Although Intel had a nasty shock when Prescott flopped so spectacularly, it was well aware that these problems were approaching, but presumably had hoped that they would hit some time in the future.
As far back as 1989 engineers at Intel knew that the day would come when conventional processors would grow too big, complicated and expensive and that there would inevitably be a move to multi-core processors. One of the engineers who worked on the dual core report was Pat Gelsinger who is now close to the top of Intelâ€™s corporate tree. Gelsinger was evangelising the dual core technology at the Intel Developer Forum last month, which we reported on here.
Taken at the most basic level a dual core processor works much like a dual processor computer, except that it only has one processor socket. The big difference is that in a dual Xeon workstation or server the two processors have to communicate with each other, as well as with the system memory, so thereâ€™s inevitably a performance hit as the processors negotiate which data they will each work on. AMD takes a very different approach to SMP (Symmetric Multi-Processing) as Opteron and Athlon 64 have the memory controller on the processor die. In a two-way Opteron workstation or four-way Opteron server the processors can communicate directly with each other over Hyper Transport, with the result that performance increases in a linear fashion as the processor count increases.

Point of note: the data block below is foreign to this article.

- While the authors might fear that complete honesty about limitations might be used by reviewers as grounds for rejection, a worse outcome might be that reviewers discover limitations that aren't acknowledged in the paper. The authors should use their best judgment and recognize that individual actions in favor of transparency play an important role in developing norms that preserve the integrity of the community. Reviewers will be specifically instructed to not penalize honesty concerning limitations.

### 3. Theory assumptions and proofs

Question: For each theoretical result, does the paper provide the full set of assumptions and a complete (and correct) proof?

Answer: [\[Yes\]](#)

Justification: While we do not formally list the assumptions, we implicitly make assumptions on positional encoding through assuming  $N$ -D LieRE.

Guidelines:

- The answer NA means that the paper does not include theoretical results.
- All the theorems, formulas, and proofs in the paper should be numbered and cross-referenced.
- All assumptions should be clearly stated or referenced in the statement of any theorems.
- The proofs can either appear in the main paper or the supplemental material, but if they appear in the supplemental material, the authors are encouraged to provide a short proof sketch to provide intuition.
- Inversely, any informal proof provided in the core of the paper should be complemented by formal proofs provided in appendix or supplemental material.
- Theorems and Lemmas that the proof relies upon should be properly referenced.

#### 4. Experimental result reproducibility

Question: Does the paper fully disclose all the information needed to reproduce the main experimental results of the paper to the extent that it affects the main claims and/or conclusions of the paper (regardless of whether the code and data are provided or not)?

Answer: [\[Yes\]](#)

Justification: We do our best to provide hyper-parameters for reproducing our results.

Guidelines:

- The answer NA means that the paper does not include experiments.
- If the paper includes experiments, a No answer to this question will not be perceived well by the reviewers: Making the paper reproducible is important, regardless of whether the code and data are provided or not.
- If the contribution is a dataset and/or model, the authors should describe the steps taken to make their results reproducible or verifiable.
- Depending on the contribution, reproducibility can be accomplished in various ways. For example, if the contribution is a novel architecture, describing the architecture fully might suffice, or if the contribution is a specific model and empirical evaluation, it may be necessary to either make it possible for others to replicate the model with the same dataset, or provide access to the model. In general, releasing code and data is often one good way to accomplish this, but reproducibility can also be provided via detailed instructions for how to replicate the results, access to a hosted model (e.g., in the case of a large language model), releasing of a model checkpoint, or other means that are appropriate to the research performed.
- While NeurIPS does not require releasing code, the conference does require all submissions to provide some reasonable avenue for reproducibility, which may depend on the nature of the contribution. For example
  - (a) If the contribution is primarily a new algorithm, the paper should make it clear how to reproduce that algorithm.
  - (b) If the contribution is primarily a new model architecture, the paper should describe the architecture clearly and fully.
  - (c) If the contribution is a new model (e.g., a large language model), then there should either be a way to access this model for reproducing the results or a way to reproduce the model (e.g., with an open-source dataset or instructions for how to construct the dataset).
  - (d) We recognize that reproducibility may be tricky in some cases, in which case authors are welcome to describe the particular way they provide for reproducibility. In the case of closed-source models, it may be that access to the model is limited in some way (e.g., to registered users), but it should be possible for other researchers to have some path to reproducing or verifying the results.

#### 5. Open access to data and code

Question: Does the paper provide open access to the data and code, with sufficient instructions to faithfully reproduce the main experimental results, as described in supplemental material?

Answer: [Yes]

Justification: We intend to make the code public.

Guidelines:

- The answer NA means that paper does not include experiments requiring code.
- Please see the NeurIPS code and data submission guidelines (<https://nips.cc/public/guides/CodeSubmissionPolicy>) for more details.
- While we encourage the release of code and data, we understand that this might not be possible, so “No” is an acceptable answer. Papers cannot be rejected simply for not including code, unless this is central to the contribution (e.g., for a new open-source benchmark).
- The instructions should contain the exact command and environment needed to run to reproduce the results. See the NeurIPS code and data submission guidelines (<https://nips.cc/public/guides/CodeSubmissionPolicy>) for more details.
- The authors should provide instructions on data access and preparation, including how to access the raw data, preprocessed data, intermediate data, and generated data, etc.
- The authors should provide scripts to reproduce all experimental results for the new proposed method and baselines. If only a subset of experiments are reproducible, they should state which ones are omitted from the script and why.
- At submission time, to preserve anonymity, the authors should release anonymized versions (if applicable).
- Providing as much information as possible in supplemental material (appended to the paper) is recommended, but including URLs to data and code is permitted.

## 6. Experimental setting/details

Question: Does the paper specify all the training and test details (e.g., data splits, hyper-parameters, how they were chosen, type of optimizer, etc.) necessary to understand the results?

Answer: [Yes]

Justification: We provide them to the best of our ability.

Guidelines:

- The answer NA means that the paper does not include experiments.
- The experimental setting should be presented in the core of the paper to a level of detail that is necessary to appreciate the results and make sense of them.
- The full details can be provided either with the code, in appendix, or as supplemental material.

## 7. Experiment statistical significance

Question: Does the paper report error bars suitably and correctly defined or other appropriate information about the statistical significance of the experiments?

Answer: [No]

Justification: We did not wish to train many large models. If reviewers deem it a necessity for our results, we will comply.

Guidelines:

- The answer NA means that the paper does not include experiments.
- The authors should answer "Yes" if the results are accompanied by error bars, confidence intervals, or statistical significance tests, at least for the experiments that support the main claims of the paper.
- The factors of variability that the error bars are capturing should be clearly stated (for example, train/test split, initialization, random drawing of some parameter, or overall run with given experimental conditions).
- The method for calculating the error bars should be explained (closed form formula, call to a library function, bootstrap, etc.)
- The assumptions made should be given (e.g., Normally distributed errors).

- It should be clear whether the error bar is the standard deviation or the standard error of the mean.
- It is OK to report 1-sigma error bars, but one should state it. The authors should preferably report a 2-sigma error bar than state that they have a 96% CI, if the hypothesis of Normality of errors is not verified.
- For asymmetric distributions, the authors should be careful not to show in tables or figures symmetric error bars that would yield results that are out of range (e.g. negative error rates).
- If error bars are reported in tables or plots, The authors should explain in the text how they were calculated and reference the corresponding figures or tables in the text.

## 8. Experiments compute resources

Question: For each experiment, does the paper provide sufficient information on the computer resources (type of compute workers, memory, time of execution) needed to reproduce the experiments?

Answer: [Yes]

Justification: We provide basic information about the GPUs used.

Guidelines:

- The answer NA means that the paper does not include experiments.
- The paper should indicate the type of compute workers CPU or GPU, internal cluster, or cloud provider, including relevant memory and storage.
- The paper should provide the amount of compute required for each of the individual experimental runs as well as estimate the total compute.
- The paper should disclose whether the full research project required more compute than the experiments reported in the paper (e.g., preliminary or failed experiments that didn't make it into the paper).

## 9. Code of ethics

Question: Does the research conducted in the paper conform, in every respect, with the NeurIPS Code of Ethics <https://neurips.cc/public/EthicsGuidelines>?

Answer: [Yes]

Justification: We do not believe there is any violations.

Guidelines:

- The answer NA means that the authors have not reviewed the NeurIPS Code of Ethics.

A Smithfield dual core processor die.
In a Pentium 4 PC you already have two virtual processors thanks to Hyper-Threading which Intel tends to refer to as HT, but this is not to be confused with Hyper Transport. A dual Xeon workstation that uses HT will have four virtual processors working away on two sockets, so the architecture for a dual core desktop processor isnâ€™t really a big step for Intel to take. In fact there is plenty of evidence that Intel would have been more than happy to wait until 2006 or 2007 to introduce dual core for the desktop as 2005 was clearly intended to be the year when Intel worked on its EM64T extensions to Windows XP Pro 64-bit, along with its XD hardware buffer overflow protection.
Once Prescott forced Intel to move up its dual core plans, the company had to take a decision about exactly which core it would use, and there was very little choice in the matter. The 1MB L2 cache Prescott was the only candidate and there was no time to modify the core so it came up with a piece of silicon which is two Prescotts laid side-by-side on the same die. This is a pain for Intel as it requires both cores to come out of fabrication perfectly, but if one suffers a fault we presume that it can chop the die in half and use the good bit as a Prescott.
The dual core is twice the size of a Prescott but slightly smaller than a Willamette Pentium 4. The staggering figure is that the dual core processor uses 230 million transistors, so itâ€™s no great surprise that the TDP is 130 Watts. It is hard to imagine that anyone in the engineering department at Intel wanted to produce a processor with those sorts of numbers, but it is equally easy to see that Intel had no choice. It had to move forward and this was the only option for 2005.